- Fed taking cautious, gradual approach, Morgan Stanley says
- Goldman Sachs says weakest jobs gain since 2010 was ‘outlier’
Morgan Stanley says 2016’s bond market rally has further to run. Goldman Sachs Group Inc. says benchmark Treasury yields may be poised to jump.
The two fixed-income powerhouses are at odds as bonds surge this year. Yields from Japan to New Zealand tumbled to records Monday, while benchmark Treasuries advanced for a fifth day. Investors are rushing to debt as the U.K. debate over leaving the European Union drives demand for the safest assets. The Federal Reserve meets Tuesday and Wednesday, following data that showed the slowest job growth in almost six years. Bank of Japan officials gather June 15-16.
“The year started with a bullish tone, and we think that tone is reasserting itself now,” Morgan Stanley analysts including Matthew Hornbach, the head of global interest-rate strategy in New York, wrote in a June 10 report. The Fed will probably make the case for a gradual, cautious approach to raising interest rates, and the BOJ will likely ease monetary policy, the analysts said.
Goldman Sachs strategist Francesco Garzarelli warned his clients that U.S. Treasury yields may climb “sharply” in the second half of 2016, in a note also June 10. The payrolls figure “seems like an outlier” and bond valuations are “very stretched,” wrote Garzarelli, who is based in London.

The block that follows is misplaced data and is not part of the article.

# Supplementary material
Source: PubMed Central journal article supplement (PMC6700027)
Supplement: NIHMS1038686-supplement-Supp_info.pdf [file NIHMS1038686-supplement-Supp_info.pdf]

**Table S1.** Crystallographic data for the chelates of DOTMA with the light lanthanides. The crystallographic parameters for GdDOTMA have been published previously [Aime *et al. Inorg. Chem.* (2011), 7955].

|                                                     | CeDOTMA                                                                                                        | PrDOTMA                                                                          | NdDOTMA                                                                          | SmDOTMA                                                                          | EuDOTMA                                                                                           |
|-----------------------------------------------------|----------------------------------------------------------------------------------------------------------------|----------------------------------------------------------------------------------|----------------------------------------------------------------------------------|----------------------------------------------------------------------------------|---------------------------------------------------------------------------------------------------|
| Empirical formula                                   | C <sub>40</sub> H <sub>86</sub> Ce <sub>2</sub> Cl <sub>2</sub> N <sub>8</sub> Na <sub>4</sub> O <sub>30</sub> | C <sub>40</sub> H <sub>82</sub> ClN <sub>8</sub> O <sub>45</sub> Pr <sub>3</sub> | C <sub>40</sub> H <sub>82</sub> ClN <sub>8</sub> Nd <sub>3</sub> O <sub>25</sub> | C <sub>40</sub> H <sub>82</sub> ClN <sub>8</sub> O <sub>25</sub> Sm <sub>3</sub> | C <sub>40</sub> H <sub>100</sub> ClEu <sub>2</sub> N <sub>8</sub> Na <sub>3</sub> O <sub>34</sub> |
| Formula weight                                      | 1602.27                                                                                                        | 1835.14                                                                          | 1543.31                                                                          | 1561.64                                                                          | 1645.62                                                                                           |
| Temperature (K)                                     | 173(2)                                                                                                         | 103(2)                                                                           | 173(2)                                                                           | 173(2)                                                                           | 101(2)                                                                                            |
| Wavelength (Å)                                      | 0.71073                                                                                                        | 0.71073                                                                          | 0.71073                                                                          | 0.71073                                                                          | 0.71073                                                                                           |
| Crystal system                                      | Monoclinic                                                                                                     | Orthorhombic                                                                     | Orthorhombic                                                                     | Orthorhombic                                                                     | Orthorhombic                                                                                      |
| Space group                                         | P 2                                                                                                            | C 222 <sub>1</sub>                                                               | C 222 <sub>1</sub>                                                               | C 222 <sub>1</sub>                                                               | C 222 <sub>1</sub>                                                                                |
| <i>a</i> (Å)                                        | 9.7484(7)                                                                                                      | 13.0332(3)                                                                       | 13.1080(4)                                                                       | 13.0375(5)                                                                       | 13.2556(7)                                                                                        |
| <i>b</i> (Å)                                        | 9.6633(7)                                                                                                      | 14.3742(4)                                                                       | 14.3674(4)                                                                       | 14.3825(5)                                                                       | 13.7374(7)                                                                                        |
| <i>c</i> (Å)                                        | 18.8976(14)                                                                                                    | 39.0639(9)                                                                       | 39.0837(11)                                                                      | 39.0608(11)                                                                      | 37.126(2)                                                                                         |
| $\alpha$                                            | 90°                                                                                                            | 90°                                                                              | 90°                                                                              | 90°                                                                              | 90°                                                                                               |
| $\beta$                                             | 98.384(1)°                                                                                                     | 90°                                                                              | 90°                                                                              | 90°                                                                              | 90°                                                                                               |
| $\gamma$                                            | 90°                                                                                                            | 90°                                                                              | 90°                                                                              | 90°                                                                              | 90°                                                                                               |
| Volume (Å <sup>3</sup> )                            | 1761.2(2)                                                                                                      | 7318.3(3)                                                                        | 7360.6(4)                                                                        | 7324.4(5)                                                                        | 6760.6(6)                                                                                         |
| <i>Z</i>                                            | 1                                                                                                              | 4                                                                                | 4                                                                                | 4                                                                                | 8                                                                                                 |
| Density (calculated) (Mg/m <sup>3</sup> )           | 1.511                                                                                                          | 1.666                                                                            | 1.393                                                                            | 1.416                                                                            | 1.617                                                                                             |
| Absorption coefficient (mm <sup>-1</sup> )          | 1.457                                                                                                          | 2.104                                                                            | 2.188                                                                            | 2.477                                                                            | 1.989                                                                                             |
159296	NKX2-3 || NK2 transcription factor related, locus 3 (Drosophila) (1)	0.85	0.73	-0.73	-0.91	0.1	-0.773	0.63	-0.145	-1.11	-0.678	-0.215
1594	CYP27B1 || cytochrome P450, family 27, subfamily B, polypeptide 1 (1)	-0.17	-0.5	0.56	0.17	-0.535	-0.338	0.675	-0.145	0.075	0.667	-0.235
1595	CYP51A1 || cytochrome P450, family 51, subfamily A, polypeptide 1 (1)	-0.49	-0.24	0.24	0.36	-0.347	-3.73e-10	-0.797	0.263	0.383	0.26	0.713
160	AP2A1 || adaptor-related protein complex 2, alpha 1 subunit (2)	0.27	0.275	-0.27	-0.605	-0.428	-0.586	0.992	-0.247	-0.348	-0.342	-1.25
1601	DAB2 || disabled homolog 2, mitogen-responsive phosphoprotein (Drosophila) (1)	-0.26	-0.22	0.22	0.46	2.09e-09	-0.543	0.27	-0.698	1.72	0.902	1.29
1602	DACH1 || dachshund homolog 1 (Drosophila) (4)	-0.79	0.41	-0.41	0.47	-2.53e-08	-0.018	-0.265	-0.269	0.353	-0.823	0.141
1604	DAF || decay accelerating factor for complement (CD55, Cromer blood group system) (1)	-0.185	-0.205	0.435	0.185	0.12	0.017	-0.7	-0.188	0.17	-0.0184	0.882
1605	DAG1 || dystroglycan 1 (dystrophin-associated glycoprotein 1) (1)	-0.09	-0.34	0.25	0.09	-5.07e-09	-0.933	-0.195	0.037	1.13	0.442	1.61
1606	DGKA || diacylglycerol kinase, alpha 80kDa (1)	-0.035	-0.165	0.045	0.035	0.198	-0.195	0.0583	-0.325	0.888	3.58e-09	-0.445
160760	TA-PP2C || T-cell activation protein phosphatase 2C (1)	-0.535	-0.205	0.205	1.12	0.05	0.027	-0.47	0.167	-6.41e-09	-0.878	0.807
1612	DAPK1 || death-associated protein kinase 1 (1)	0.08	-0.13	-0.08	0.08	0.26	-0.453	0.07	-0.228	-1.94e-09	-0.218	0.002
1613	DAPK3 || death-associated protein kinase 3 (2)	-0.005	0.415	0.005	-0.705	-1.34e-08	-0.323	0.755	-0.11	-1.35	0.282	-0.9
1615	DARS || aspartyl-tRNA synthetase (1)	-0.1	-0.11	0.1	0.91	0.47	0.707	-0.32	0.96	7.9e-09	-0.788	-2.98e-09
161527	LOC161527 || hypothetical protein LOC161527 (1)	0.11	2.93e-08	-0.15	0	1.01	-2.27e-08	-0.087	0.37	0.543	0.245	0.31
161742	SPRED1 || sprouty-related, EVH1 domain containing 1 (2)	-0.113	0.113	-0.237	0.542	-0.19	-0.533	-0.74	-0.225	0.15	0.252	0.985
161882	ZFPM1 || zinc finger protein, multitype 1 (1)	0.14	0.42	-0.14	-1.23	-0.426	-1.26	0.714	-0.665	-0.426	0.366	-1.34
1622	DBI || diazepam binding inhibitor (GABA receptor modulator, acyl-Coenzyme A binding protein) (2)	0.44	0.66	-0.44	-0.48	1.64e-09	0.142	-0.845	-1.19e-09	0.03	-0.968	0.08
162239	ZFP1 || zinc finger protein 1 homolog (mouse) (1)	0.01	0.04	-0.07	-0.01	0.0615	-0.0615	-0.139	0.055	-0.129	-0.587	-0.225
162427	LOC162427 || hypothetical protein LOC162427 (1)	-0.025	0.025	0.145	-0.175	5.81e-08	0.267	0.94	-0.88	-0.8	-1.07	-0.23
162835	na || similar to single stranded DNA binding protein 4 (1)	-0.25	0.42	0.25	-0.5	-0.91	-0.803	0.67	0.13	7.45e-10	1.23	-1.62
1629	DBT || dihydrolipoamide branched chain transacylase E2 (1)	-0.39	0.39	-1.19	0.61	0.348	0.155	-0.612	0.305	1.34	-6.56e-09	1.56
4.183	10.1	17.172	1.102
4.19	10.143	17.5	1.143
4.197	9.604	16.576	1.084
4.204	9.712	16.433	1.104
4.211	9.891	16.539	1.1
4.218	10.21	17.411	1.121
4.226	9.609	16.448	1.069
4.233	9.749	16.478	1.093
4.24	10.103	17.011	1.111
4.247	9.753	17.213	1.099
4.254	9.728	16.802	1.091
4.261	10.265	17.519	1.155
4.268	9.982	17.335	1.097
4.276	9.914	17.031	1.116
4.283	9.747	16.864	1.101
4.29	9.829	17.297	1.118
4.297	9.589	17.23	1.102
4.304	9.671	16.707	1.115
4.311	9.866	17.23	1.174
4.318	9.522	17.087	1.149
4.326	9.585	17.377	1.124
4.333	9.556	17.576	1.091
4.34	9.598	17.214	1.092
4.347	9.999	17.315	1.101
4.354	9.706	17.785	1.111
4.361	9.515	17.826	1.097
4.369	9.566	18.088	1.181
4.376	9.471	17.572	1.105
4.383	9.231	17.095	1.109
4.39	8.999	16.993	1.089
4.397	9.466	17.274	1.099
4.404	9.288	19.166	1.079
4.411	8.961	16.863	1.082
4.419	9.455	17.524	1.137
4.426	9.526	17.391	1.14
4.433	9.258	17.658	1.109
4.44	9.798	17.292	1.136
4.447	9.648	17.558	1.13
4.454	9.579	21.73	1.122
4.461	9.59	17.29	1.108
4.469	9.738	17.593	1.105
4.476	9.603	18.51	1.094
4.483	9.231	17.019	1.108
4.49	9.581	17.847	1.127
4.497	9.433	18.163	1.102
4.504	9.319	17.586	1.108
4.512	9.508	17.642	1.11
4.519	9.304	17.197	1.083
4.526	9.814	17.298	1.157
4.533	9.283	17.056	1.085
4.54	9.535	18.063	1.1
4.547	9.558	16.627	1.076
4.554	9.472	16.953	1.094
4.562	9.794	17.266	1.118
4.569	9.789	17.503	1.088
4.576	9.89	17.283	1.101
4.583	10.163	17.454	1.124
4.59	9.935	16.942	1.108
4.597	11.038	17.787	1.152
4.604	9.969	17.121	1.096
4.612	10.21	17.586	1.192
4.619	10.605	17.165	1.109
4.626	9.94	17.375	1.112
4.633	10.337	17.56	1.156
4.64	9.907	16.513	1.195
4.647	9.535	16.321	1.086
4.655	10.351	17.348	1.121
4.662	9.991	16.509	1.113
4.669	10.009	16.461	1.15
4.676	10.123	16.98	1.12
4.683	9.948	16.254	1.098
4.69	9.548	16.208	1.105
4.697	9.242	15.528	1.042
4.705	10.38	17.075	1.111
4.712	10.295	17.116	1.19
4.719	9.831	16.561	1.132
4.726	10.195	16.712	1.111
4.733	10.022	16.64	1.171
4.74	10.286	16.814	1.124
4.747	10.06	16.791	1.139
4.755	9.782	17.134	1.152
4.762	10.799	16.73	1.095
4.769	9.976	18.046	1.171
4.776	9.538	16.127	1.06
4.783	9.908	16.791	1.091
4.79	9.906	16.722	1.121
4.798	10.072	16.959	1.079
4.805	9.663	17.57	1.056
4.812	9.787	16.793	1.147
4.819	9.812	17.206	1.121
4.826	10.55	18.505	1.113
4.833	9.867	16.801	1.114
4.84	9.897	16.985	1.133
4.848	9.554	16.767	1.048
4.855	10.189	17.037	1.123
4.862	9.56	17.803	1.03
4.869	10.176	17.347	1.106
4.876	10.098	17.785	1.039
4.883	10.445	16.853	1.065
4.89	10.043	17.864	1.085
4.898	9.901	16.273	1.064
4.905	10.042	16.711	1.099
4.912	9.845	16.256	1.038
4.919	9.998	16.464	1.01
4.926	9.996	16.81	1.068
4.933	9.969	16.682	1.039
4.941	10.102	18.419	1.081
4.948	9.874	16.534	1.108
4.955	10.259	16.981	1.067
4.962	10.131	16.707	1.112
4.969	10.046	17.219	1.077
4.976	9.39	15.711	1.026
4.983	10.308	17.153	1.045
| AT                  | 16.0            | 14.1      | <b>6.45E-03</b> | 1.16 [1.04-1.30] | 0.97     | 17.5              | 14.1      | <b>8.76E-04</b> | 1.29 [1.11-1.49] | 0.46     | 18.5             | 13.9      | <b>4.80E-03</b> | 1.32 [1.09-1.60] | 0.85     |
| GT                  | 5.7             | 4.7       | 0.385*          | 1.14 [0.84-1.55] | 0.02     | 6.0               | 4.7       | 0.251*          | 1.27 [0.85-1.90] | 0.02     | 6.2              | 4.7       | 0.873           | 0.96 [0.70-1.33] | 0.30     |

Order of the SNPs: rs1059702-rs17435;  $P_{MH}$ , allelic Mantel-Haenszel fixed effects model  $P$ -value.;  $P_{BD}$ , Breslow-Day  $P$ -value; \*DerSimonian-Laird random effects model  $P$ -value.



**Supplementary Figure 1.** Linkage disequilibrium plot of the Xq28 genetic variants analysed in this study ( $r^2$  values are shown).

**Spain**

Treasury 10-year yields dropped two basis points to 1.62 percent as of 6:46 a.m. in London on Monday. They have fallen from 2.27 percent at the end of 2015. A Bloomberg survey of economists conducted Dec. 4 to Dec. 9 projected the yield would climb to 2.55 percent by June 30.
Japan’s 10-year yields fell to a record minus 0.165 percent. Those in South Korea, Taiwan’s and New Zealand also dropped to all-time lows, following Germany and the U.K. last week.
Goldman’s Garzarelli has been negative on Treasuries throughout 2016, while Morgan Stanley’s Hornbach has stuck to his bullish views. The two companies are both primary dealers, among the 23 banks that trade directly with the Fed and underwrite the U.S. debt.
Bonds in the U.S., the U.K., Germany and Japan all stand to benefit in this year’s rally, Morgan Stanley said. Government debt is surging around the world, sending the yield on the Bloomberg Global Developed Sovereign Bond Index to a record low of 0.58 percent last week.
The gauge has gained 10 percent this year, versus 1.9 percent for the MSCI All Country World Index of shares including reinvested dividends.